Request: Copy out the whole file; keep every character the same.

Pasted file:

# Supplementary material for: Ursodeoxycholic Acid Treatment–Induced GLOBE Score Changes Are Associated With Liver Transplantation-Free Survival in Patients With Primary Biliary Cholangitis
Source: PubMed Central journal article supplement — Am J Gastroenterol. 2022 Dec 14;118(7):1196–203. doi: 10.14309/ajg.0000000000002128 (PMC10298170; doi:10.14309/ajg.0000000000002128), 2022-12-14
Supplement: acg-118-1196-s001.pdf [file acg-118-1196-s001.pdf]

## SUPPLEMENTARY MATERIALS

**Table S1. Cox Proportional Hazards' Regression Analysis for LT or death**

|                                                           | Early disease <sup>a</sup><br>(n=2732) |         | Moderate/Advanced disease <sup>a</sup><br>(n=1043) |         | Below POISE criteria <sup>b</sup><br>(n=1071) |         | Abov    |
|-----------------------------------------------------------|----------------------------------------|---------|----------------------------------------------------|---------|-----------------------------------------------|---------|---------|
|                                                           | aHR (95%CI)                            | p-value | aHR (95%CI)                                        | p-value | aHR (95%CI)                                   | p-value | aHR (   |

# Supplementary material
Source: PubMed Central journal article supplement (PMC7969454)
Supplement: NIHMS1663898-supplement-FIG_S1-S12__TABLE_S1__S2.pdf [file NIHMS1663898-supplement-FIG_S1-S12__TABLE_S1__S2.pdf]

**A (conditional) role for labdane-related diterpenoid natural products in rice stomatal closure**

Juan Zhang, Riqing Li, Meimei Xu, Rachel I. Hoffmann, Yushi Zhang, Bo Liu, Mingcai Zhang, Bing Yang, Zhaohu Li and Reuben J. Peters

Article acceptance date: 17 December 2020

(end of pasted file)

# Supplementary material for: Ursodeoxycholic Acid Treatment–Induced GLOBE Score Changes Are Associated With Liver Transplantation-Free Survival in Patients With Primary Biliary Cholangitis
Source: PubMed Central journal article supplement — Am J Gastroenterol. 2022 Dec 14;118(7):1196–203. doi: 10.14309/ajg.0000000000002128 (PMC10298170; doi:10.14309/ajg.0000000000002128), 2022-12-14
Supplement: acg-118-1196-s001.pdf [file acg-118-1196-s001.pdf]

## SUPPLEMENTARY MATERIALS

**Table S1. Cox Proportional Hazards' Regression Analysis for LT or death**

|                                                           | Early disease <sup>a</sup><br>(n=2732) |         | Moderate/Advanced disease <sup>a</sup><br>(n=1043) |         | Below POISE criteria <sup>b</sup><br>(n=1071) |         | Abov    |
|-----------------------------------------------------------|----------------------------------------|---------|----------------------------------------------------|---------|-----------------------------------------------|---------|---------|
|                                                           | aHR (95%CI)                            | p-value | aHR (95%CI)                                        | p-value | aHR (95%CI)                                   | p-value | aHR (   |

# Supplementary material
Source: PubMed Central journal article supplement (PMC7969454)
Supplement: NIHMS1663898-supplement-FIG_S1-S12__TABLE_S1__S2.pdf [file NIHMS1663898-supplement-FIG_S1-S12__TABLE_S1__S2.pdf]

**A (conditional) role for labdane-related diterpenoid natural products in rice stomatal closure**

Juan Zhang, Riqing Li, Meimei Xu, Rachel I. Hoffmann, Yushi Zhang, Bo Liu, Mingcai Zhang, Bing Yang, Zhaohu Li and Reuben J. Peters

Article acceptance date: 17 December 2020